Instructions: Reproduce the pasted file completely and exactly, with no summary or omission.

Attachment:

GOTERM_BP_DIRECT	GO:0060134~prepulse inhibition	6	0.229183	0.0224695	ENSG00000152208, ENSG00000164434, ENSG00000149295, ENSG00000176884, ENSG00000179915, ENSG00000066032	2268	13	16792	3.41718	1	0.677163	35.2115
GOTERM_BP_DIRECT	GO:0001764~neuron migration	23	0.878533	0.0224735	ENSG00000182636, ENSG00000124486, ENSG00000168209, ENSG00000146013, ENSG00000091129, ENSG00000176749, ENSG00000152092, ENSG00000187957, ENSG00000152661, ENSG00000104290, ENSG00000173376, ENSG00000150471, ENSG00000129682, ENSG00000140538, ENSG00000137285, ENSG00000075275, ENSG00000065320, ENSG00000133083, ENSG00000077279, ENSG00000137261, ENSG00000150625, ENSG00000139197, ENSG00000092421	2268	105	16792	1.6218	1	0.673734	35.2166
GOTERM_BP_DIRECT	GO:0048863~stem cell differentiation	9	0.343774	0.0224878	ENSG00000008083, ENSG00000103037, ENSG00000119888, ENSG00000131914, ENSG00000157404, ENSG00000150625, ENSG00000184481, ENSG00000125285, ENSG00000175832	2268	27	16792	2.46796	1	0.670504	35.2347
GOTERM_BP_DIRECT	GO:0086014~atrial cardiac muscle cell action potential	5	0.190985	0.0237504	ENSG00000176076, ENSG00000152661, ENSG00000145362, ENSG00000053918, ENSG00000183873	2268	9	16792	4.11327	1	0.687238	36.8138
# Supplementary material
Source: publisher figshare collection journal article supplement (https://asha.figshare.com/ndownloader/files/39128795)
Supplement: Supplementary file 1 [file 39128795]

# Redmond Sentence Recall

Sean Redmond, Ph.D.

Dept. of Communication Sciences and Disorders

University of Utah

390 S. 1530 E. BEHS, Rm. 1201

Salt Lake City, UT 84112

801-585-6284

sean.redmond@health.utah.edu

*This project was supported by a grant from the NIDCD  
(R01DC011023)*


GOTERM_BP_DIRECT	GO:0060134~prepulse inhibition	6	0.229183	0.0224695	ENSG00000152208, ENSG00000164434, ENSG00000149295, ENSG00000176884, ENSG00000179915, ENSG00000066032	2268	13	16792	3.41718	1	0.677163	35.2115
GOTERM_BP_DIRECT	GO:0001764~neuron migration	23	0.878533	0.0224735	ENSG00000182636, ENSG00000124486, ENSG00000168209, ENSG00000146013, ENSG00000091129, ENSG00000176749, ENSG00000152092, ENSG00000187957, ENSG00000152661, ENSG00000104290, ENSG00000173376, ENSG00000150471, ENSG00000129682, ENSG00000140538, ENSG00000137285, ENSG00000075275, ENSG00000065320, ENSG00000133083, ENSG00000077279, ENSG00000137261, ENSG00000150625, ENSG00000139197, ENSG00000092421	2268	105	16792	1.6218	1	0.673734	35.2166
GOTERM_BP_DIRECT	GO:0048863~stem cell differentiation	9	0.343774	0.0224878	ENSG00000008083, ENSG00000103037, ENSG00000119888, ENSG00000131914, ENSG00000157404, ENSG00000150625, ENSG00000184481, ENSG00000125285, ENSG00000175832	2268	27	16792	2.46796	1	0.670504	35.2347
GOTERM_BP_DIRECT	GO:0086014~atrial cardiac muscle cell action potential	5	0.190985	0.0237504	ENSG00000176076, ENSG00000152661, ENSG00000145362, ENSG00000053918, ENSG00000183873	2268	9	16792	4.11327	1	0.687238	36.8138
# Supplementary material
Source: publisher figshare collection journal article supplement (https://asha.figshare.com/ndownloader/files/39128795)
Supplement: Supplementary file 1 [file 39128795]

# Redmond Sentence Recall

Sean Redmond, Ph.D.

Dept. of Communication Sciences and Disorders

University of Utah

390 S. 1530 E. BEHS, Rm. 1201

Salt Lake City, UT 84112

801-585-6284

sean.redmond@health.utah.edu

*This project was supported by a grant from the NIDCD  
(R01DC011023)*